Meeting of the High-Level Panel of Eminent Persons on the Post-2015 Development Agenda in Bali, Indonesia, 27 March 2013

We discussed how to build a global partnership … for our development agenda….global ownership of a shared development agenda…. consulted with a range of stakeholders……. a renewed Global Partnership that enables a transformative, people-centered and planet-sensitive development agenda …. partnership of all stakeholders. …in the context of sustainable development ….a single and coherent post-2015 development agenda …. social inclusion and environmental sustainability…

Read More →

I have been reading Sheryl Sandberg’s new book Lean In: Women, Work, and the Will to Lead.  Despite being a self-appointed feminist, I feel unqualified to comment on many of the debates around the book. But what inspired me and reminded me of development discussions is Sandberg’s willingness to speak out where there have been so many evasions and euphemisms:

In addition to the external barriers erected by society, women are hindered by barriers that exist within ourselves.

If current trends continue, fifteen years from today, about one-third of the women in this audience will be working full-time and almost all of you will be working for the guy you are sitting next to…If you want the outcome to be any different, you will have to do something about it.

Read More →

Jeb Bush’s new book, Immigration Wars, has attracted attention for its proposal of a second-class status for the nation’s 11 million undocumented immigrants, that they could become permanent legal residents, but not citizens.

A former Congressman from Illinois, A. Lincoln, received an advance copy of Jeb’s book and made the following comments. While not attempting to fully resolve the complex problem of illegal immigration, former Congressman Lincoln commented on the proposal of second-class status:

Read More →

From Matt Ridley’s review of new Nassim Taleb book, Antifragile, in Wall Street Journal:

From the textile machinery of the industrial revolution to the discovery of many pharmaceutical drugs, it was tinkering and evolutionary serendipity we have to thank, not design from first principles. Mr. Taleb systematically demolishes what he cheekily calls the “Soviet-Harvard” notion that birds fly because we lecture them how to—that is to say, that theories of how society works are necessary for society to work. Planning is inherently biased toward delay, complication and inflexibility…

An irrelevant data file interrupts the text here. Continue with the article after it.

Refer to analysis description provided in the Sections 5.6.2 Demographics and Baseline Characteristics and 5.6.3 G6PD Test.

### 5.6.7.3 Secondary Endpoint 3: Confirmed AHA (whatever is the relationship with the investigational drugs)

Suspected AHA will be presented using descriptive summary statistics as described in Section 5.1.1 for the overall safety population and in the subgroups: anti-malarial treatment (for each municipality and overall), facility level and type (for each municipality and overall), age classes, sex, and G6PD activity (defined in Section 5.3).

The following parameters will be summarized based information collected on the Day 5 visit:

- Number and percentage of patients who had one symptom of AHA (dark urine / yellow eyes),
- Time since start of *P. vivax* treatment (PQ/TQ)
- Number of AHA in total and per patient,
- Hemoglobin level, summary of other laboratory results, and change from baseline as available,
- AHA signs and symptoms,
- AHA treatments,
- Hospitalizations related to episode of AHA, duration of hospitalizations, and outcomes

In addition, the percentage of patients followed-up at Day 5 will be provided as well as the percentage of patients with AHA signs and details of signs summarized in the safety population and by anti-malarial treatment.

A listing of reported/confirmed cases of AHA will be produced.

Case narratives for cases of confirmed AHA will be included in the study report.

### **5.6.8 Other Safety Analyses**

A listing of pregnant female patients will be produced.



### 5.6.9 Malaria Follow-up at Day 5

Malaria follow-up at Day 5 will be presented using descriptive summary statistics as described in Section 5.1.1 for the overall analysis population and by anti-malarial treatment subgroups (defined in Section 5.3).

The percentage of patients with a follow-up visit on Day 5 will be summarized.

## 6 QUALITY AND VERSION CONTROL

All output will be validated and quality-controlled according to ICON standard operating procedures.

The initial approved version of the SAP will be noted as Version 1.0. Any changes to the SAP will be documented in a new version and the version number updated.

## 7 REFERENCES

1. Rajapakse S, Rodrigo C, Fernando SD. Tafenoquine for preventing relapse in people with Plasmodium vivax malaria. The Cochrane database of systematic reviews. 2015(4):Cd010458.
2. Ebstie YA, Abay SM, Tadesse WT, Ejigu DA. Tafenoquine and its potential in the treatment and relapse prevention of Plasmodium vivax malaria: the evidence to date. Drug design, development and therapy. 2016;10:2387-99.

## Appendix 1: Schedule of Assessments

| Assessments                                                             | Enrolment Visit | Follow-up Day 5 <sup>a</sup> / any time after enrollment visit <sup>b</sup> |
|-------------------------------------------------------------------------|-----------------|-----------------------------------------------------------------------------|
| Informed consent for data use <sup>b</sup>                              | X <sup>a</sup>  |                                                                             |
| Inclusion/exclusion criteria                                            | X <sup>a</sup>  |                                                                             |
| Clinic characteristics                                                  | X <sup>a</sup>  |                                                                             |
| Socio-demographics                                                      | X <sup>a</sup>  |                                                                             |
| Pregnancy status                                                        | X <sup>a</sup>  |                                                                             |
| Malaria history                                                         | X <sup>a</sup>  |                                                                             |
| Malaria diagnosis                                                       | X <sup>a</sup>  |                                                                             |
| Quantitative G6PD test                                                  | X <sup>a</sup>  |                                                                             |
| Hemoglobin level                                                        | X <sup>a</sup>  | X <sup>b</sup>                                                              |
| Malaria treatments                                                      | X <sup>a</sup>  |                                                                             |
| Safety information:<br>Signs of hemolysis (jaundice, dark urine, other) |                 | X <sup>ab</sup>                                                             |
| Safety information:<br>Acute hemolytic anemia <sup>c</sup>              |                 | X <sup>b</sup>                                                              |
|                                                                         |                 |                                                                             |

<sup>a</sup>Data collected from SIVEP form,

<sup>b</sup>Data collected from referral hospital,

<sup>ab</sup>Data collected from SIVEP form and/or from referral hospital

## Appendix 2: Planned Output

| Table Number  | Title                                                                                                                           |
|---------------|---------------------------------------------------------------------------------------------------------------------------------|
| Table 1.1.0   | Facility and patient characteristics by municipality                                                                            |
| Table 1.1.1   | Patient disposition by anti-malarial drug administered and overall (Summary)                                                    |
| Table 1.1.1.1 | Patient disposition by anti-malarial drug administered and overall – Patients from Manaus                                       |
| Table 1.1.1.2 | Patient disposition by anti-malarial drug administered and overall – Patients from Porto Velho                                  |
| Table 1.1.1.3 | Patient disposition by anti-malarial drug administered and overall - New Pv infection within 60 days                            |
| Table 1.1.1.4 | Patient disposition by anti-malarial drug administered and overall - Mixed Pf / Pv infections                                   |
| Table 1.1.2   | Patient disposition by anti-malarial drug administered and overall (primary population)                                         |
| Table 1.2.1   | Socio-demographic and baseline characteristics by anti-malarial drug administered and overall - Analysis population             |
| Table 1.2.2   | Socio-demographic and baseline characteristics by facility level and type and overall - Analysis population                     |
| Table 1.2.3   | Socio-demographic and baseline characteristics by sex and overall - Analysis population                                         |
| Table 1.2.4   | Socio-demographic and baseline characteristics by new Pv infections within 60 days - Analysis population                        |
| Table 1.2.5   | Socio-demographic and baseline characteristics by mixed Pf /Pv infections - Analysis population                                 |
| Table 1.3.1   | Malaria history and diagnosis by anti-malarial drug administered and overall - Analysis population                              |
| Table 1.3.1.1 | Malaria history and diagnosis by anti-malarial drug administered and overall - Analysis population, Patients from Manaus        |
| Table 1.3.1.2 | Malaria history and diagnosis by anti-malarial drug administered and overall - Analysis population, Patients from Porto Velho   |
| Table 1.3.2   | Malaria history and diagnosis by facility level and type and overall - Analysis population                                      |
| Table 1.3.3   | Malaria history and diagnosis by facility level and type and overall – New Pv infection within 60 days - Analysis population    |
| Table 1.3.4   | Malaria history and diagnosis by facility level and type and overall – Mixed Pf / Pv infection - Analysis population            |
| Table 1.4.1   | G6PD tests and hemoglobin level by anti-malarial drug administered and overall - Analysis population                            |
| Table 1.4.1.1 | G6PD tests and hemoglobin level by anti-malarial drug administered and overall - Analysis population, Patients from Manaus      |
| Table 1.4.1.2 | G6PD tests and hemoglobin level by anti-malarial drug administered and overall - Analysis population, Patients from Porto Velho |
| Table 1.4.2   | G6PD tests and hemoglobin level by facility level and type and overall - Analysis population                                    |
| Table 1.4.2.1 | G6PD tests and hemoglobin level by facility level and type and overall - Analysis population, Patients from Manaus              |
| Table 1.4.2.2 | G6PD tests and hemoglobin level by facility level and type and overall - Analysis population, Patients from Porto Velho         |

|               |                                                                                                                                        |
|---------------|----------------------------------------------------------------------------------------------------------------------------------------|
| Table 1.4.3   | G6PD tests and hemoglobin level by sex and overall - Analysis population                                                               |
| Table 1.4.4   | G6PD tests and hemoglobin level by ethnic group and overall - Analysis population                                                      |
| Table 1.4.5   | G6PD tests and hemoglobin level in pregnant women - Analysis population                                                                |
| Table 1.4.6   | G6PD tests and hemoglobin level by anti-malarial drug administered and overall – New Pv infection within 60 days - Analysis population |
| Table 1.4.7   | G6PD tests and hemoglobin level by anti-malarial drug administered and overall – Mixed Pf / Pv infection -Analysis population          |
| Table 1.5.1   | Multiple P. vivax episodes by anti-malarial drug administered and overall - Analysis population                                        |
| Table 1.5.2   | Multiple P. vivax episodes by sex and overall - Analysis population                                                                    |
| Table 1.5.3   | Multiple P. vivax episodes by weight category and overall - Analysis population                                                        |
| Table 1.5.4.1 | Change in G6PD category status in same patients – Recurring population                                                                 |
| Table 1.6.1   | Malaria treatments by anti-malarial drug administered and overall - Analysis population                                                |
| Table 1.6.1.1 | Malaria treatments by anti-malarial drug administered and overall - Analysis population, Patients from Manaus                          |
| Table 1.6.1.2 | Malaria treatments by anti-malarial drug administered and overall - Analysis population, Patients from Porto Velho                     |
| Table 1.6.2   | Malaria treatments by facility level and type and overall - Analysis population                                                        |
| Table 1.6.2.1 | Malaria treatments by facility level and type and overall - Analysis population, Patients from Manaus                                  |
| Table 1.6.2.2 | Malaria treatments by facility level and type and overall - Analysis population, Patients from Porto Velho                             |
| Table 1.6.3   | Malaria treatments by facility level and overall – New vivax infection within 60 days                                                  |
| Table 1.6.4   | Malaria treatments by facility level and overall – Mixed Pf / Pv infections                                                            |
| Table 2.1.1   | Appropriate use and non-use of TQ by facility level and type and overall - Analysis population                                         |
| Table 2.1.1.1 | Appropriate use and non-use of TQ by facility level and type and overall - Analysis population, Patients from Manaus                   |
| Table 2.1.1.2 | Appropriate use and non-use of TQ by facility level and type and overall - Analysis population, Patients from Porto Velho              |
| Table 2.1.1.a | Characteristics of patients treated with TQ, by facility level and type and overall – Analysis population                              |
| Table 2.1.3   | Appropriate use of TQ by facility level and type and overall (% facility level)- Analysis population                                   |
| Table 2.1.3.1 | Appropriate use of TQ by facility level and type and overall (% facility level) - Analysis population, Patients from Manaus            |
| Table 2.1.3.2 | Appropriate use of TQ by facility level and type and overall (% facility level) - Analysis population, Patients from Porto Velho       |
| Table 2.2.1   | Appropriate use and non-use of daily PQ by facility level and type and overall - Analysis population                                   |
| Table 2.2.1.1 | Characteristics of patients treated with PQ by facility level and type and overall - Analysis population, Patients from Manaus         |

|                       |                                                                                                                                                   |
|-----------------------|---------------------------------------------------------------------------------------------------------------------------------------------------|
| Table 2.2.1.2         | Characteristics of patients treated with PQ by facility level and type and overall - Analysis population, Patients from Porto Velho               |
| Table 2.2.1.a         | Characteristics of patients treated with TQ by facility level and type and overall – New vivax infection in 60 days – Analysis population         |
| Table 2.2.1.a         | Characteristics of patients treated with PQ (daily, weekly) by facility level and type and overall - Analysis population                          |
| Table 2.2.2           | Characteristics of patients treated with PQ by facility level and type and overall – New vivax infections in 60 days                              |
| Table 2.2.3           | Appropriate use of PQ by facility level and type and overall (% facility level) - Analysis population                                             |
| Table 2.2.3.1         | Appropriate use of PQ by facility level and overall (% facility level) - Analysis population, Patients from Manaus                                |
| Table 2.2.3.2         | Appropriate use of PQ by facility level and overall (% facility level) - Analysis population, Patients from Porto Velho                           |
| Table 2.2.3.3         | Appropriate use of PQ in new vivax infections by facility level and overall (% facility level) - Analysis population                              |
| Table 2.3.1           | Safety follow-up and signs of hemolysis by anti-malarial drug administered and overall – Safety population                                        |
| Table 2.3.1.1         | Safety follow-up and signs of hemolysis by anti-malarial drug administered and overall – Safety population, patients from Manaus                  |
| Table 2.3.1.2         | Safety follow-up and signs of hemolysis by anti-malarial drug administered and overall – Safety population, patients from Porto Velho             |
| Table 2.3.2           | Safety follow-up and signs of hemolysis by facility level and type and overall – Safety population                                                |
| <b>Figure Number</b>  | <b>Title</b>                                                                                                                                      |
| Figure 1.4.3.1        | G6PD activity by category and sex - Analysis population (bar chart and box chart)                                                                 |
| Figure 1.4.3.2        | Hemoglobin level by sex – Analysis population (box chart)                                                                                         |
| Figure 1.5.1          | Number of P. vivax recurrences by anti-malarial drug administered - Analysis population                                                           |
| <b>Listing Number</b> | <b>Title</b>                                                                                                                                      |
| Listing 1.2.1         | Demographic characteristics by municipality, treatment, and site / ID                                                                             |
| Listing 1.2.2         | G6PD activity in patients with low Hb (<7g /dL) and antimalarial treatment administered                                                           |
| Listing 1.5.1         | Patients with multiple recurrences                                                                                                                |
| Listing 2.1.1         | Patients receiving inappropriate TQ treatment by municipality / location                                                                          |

If trial and error is creative, then we should treat ruined entrepreneurs with the reverence that we reserve for fallen soldiers, Mr. Taleb thinks. The reason that restaurants are competitive is that they are constantly failing. A law that bailed out failing restaurants would result in disastrously dull food.

Something that is fragile, like a glass, can survive small shocks but not big ones. Something that is robust, like a rock, can survive both. But robust is only half way along the spectrum. There are things that are anti-fragile, meaning they actually improve when shocked, they feed on volatility. The restaurant sector is such a beast. So is the economy as a whole: It is precisely because of Joseph Schumpeter’s “creative destruction” that it innovates, progresses and becomes resilient.

From Don Boudreaux at Cafe Hayek, quoting Jane Jacobs’ book Cities and the Wealth of Nations:

Nations are political and military entities… But it doesn’t necessarily follow from this that they are also the basic, salient entities of economic life or that they are particularly useful for probing the mysteries of economic structure, the reasons for rise and decline of wealth.

So for example, two important factors in development are technology and culture. Neither spreads primarily at the unit of the nation.

This is the kind of helpful insight that will DEFINITELY have NO impact WHATSOEVER because it is so much more convenient both data-wise and politics-wise to focus on Nations.